• Sutherland, Jeff (2007). The First Scrum: is it Scrum or Lean? <http://jeffsutherland.com/scrum/2007/11/is-it-scrum-or-lean.html>
  • Waldrop, M. Mitchell. (1992). Complexity: The Emerging Science at the Edge of Order and Chaos. New York: Touchstone, Simon and Schuster.
  • Wilber, Ken (2005). “Introduction to Integral theory and practice: IOS basic and the AQAL map.” AQAL: Journal of Integral Theory and Practice 1(1): 1-36.
  • Wilber, Ken (2006). Integral Spirituality: A startling new role for religion in the modern and postmodern world. Boston: Shambhala.
  • Wilber, Ken (2007). The Integral Vision: A very short introduction to the revolutionary integral approach to life, god, the universe, and everything. Boston: Shambhala.
  1. The Agile Manifesto, accessed, October 2008 < http://agilemanifesto.org/history.html>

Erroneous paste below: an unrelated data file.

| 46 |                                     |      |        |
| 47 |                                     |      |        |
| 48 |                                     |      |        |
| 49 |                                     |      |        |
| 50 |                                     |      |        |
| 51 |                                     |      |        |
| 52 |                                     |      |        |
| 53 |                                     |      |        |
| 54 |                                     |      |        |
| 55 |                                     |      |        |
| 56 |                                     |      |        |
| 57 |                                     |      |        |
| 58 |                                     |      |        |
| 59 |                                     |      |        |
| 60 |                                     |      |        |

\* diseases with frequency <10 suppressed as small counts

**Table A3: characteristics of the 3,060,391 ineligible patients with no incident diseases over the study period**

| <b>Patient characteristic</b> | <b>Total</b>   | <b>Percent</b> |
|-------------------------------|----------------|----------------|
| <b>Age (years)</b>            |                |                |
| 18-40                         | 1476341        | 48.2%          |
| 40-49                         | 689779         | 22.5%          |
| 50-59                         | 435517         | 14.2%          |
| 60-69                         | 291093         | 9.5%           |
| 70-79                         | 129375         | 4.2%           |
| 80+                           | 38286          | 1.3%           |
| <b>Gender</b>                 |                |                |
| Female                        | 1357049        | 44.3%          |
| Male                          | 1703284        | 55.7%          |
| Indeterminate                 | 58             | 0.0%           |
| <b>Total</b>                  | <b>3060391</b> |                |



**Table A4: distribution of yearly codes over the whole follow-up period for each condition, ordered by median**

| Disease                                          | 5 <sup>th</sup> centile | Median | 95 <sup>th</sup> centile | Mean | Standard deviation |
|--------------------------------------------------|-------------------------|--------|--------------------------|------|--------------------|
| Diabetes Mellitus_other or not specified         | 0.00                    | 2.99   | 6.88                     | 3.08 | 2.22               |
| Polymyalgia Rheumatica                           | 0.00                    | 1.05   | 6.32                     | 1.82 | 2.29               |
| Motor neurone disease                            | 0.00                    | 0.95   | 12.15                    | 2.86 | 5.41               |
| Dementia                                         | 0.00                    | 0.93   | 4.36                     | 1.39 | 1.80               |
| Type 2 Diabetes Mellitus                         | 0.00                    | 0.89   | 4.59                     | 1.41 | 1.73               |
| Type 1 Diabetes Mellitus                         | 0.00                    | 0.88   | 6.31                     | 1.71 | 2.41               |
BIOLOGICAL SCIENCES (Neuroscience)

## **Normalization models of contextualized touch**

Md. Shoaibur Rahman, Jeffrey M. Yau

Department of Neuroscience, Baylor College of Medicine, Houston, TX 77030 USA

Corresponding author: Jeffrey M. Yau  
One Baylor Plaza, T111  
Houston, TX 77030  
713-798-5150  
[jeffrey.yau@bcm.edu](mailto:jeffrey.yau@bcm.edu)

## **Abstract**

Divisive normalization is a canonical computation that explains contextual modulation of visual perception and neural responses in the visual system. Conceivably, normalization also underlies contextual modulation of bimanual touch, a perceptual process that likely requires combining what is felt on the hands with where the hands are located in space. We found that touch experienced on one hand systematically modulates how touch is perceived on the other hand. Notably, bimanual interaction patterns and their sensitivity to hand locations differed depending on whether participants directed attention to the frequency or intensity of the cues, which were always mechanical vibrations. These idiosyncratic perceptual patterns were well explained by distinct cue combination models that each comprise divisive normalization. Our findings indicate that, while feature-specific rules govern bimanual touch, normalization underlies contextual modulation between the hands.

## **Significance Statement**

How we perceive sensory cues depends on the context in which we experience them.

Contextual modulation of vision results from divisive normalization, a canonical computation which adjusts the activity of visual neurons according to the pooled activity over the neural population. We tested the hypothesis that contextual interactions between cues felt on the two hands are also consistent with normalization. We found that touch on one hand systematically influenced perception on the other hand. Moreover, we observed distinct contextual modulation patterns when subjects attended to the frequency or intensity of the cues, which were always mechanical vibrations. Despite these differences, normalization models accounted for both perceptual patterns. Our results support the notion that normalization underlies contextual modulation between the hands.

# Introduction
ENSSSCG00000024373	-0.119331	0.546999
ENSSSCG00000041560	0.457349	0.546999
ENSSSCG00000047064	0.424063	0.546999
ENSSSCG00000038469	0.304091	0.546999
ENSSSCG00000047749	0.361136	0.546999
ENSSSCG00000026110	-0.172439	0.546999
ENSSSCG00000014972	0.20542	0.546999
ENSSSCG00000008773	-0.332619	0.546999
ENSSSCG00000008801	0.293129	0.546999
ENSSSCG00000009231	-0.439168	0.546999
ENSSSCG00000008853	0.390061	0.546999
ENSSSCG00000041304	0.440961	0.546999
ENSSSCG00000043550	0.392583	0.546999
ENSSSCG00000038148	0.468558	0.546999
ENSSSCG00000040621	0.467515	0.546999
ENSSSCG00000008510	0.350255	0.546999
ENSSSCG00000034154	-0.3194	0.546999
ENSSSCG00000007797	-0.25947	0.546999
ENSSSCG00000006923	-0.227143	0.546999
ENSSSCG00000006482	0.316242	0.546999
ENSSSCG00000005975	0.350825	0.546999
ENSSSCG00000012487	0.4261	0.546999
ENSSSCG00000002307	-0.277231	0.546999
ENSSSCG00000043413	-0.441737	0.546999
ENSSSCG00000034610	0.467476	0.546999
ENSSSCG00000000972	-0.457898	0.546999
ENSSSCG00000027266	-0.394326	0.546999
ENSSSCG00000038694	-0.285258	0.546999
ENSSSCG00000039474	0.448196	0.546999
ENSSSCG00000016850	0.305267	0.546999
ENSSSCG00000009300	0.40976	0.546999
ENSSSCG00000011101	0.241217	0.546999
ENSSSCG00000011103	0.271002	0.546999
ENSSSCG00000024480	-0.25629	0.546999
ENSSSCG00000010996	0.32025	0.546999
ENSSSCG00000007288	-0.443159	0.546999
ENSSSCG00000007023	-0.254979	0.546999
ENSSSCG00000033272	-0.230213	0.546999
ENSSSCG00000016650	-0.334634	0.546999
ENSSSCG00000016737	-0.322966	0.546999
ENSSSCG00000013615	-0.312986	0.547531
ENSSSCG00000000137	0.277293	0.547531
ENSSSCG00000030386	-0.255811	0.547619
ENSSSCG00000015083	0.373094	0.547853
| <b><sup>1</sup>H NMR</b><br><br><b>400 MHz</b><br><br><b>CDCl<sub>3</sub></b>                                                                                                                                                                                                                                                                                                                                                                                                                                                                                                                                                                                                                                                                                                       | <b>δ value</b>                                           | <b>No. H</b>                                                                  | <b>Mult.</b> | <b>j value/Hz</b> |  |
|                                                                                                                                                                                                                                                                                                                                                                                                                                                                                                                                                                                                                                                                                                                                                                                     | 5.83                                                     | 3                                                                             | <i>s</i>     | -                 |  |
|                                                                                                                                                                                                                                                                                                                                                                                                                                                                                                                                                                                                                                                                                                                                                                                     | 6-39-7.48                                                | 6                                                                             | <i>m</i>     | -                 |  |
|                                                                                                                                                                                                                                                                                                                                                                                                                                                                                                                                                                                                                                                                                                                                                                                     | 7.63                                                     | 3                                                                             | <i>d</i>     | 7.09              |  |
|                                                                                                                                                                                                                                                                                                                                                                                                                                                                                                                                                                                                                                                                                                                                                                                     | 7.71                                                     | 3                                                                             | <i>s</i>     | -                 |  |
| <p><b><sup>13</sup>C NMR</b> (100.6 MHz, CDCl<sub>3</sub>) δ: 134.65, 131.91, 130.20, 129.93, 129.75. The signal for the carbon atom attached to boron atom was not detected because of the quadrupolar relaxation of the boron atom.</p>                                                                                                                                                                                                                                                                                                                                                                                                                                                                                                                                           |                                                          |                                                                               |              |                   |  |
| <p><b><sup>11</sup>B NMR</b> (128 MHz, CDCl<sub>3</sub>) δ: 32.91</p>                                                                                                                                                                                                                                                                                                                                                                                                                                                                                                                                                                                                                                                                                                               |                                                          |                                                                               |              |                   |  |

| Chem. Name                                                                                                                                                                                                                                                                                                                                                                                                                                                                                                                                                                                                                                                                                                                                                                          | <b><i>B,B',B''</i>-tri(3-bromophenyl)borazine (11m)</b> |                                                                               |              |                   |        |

2. The First Scrum, accessed October 2008 < http://jeffsutherland.com/scrum/2007/11/is-it-scrum-or-lean.html>
  3. Book Notes Toward Integral Leadership, accessed October 2008 http://www.peace.ca/spiraldynamics.pdf

Kees Steeneken is the founder of the Santa Monica Center for Integral Living, bringing Integral training to Southern California. In 2007 and 2008 he was the Chief Technology Officer for the Integral Institute and Integral Life. With over 20 years of technology management experience, Kees has previously been a technology executive with companies of various sizes from start-up to Fortune 40. He is a certified Project Management Professional and Certified Information Systems Auditor.

For more information, visit www.smintegral.org or mail him at kees@smintegral.org.